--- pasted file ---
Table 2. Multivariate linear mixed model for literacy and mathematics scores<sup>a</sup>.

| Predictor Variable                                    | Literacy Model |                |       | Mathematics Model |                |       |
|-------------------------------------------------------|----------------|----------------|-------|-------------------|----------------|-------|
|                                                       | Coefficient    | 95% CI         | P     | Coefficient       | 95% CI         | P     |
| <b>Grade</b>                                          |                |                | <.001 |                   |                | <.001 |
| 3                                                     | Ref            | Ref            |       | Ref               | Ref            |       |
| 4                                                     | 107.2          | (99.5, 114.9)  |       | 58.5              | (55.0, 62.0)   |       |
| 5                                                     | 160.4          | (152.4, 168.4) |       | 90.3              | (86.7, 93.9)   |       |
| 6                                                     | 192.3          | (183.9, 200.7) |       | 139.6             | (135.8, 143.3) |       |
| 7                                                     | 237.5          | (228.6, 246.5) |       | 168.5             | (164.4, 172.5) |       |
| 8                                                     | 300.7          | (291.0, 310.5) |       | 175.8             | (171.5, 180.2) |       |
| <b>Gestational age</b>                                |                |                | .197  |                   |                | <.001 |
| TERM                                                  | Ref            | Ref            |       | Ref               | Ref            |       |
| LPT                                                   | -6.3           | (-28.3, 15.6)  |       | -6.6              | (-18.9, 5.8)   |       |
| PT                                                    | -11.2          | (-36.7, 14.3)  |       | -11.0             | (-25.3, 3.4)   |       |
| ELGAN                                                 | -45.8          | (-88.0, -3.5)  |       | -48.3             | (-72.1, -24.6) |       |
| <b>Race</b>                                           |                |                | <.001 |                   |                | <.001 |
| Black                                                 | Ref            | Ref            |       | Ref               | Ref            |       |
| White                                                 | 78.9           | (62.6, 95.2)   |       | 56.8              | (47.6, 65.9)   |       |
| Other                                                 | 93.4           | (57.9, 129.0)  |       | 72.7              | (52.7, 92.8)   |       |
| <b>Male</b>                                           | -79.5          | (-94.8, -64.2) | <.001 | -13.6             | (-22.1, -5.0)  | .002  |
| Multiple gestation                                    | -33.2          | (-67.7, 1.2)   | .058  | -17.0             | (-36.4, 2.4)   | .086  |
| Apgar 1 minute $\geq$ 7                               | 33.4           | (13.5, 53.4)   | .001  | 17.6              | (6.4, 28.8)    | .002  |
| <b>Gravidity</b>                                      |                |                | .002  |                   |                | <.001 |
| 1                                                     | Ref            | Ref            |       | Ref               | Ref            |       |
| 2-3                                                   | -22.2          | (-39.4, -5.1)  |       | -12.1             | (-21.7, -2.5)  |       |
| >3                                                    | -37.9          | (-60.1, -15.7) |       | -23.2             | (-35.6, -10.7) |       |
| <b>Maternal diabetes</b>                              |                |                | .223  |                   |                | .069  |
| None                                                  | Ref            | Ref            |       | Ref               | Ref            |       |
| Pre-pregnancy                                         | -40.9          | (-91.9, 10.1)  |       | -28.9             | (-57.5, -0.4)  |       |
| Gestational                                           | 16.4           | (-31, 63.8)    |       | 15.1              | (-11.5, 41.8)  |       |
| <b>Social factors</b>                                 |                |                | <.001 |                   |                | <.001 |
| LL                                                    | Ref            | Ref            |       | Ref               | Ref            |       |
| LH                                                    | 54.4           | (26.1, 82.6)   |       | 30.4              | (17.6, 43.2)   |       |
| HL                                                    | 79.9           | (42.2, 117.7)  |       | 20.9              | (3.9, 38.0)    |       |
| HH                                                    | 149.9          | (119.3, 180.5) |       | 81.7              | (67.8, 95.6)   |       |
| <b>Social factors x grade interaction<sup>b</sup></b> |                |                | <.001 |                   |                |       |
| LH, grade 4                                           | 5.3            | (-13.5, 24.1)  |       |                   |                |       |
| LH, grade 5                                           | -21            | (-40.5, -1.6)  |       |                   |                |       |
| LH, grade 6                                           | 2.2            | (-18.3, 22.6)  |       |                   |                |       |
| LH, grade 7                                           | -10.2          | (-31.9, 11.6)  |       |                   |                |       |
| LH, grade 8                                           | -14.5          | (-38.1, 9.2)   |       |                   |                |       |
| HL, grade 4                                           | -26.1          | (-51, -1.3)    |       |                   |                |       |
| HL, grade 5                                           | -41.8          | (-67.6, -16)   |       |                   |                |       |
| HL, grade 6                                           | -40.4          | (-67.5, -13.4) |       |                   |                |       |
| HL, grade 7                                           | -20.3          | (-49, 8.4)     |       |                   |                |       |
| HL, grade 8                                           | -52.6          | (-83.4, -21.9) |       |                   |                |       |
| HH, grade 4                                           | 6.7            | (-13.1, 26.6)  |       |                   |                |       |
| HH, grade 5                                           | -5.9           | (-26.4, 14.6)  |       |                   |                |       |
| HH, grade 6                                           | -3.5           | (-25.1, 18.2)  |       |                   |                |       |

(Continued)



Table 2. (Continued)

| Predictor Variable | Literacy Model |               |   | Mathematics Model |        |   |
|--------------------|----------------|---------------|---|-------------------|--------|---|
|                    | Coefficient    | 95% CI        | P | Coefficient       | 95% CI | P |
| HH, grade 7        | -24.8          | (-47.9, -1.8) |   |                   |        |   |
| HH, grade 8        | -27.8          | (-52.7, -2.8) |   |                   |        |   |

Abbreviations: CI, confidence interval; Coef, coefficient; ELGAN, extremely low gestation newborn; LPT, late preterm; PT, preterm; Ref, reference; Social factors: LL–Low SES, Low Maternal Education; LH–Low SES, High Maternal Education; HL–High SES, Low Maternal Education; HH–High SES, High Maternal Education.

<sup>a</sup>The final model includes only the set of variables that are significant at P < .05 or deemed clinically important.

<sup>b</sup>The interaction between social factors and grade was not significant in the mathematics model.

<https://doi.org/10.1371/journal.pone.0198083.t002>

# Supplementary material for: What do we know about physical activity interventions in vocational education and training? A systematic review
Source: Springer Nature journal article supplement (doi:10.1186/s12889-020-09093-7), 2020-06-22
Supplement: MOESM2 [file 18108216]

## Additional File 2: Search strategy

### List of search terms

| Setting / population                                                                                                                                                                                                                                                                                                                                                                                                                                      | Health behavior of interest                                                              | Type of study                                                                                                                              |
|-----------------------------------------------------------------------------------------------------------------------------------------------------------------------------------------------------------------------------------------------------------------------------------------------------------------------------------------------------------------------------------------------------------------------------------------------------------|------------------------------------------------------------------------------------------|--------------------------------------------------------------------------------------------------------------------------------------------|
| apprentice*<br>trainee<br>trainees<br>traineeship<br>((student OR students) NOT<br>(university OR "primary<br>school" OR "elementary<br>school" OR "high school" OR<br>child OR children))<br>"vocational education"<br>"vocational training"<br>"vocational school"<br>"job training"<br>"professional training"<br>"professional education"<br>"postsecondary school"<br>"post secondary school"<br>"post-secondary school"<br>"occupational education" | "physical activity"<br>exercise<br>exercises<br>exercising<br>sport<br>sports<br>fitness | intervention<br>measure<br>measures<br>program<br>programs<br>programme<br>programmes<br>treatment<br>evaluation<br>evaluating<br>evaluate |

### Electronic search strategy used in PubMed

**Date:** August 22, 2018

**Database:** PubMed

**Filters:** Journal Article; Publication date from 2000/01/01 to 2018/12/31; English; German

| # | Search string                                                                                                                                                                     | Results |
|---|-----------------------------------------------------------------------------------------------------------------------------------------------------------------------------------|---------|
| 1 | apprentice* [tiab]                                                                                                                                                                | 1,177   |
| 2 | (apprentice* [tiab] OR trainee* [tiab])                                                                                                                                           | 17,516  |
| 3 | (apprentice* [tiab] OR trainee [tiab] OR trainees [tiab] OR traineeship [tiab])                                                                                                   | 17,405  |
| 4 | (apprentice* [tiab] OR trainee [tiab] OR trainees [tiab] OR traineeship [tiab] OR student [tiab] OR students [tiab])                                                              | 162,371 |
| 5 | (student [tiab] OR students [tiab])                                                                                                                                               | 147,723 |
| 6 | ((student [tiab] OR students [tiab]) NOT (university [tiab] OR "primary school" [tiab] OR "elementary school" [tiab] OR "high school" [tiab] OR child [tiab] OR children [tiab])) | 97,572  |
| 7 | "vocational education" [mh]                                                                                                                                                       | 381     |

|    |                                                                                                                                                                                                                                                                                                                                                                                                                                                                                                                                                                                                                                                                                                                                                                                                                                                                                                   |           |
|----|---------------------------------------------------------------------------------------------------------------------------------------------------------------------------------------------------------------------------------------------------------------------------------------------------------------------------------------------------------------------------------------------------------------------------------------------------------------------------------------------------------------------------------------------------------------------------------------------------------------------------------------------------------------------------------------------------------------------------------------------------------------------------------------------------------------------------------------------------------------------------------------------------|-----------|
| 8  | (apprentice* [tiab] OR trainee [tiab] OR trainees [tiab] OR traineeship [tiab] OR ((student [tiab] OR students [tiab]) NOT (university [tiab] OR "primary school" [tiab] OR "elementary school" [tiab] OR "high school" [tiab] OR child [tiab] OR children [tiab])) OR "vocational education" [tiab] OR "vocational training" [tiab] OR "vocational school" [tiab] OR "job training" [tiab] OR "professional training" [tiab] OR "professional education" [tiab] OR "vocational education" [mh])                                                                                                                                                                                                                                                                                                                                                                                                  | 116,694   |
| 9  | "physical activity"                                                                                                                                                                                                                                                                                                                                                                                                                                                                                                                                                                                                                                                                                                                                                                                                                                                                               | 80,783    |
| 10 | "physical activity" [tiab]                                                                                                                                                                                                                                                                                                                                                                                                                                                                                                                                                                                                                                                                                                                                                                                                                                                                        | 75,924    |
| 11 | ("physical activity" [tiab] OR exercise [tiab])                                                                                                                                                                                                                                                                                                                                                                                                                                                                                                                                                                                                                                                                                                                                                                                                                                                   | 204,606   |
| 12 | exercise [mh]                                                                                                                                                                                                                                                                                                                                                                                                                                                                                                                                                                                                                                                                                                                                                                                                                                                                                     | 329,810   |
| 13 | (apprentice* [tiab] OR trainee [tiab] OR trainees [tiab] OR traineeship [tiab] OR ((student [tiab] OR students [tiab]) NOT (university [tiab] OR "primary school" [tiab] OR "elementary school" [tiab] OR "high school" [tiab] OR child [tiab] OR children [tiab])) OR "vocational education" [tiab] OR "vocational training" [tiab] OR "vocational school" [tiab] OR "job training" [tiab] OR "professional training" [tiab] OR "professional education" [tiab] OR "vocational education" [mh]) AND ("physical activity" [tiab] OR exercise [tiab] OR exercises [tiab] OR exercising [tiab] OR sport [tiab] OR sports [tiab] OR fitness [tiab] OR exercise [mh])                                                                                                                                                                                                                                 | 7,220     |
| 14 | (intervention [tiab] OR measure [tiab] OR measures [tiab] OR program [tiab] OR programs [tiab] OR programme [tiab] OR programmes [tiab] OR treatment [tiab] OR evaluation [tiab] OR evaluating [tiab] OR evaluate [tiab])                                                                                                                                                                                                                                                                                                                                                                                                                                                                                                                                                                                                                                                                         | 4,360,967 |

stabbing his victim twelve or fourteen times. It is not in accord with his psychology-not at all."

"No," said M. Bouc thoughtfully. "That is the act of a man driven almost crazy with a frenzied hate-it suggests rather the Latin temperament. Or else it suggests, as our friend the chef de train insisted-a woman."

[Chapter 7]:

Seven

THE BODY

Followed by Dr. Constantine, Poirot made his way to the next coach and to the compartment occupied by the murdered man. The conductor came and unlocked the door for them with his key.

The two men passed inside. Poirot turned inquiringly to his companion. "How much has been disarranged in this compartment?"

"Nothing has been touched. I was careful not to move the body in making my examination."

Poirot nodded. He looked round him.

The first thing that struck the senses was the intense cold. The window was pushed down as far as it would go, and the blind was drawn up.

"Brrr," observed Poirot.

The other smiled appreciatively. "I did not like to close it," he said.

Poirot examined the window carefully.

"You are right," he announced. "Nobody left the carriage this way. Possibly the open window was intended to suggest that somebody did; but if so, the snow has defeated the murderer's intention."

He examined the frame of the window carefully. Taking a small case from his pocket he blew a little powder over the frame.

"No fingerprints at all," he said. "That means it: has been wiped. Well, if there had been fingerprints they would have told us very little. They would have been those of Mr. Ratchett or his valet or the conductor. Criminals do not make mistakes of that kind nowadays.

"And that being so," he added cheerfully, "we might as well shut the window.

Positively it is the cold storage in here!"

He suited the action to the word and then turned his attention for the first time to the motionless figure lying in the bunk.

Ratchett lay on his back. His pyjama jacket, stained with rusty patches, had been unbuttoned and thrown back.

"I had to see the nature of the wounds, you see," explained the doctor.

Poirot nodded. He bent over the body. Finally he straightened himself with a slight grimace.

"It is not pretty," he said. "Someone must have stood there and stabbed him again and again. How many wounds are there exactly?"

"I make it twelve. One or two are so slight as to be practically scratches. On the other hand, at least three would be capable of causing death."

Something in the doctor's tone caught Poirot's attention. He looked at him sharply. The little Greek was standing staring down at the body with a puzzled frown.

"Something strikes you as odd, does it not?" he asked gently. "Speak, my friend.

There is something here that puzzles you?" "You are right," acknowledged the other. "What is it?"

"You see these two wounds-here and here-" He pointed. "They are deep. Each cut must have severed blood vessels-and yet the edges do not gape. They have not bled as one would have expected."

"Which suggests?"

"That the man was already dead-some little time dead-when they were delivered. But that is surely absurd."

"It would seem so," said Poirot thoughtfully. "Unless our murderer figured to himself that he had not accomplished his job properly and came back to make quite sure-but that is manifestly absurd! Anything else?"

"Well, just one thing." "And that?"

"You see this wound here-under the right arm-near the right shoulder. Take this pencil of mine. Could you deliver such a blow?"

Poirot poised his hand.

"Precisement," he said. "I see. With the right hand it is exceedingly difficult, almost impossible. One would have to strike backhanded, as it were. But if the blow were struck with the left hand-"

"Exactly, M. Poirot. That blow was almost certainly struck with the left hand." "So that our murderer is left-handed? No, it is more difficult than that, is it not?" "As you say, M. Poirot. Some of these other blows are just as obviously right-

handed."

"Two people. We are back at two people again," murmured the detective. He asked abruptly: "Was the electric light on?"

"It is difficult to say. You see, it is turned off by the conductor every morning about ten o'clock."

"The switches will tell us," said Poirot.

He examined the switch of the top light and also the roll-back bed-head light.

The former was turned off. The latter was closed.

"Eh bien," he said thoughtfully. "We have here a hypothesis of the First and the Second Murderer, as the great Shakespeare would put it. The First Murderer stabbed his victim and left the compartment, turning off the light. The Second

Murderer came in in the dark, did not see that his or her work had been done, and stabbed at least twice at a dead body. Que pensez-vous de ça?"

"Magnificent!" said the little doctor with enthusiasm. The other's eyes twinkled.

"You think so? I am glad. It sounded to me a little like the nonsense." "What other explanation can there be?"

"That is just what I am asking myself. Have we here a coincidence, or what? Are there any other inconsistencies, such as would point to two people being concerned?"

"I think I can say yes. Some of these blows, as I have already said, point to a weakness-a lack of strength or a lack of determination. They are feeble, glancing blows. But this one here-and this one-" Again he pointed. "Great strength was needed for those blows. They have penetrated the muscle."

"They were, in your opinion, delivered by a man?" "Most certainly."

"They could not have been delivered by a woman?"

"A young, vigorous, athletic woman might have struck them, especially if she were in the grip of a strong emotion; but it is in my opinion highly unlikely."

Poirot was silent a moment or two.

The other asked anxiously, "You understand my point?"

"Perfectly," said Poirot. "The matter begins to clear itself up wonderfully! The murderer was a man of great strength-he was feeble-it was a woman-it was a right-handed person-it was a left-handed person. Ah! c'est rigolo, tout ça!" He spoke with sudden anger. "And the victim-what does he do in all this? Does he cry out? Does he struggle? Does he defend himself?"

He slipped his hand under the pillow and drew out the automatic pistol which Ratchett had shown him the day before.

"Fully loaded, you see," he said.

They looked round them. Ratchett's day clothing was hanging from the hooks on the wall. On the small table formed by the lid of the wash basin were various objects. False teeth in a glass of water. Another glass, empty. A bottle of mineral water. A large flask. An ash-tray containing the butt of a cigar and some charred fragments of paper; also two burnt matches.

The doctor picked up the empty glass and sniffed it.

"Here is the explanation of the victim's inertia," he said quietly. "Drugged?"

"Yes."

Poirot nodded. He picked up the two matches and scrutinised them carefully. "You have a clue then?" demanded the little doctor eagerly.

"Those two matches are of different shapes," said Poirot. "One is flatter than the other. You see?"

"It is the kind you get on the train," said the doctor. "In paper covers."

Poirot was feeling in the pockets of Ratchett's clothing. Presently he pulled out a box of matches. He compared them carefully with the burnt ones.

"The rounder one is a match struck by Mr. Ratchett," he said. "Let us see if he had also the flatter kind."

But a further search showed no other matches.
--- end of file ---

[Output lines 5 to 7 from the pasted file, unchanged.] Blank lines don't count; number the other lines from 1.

| <b>Grade</b>                                          |                |                | <.001 |                   |                | <.001 |
| 3                                                     | Ref            | Ref            |       | Ref               | Ref            |       |
| 4                                                     | 107.2          | (99.5, 114.9)  |       | 58.5              | (55.0, 62.0)   |       |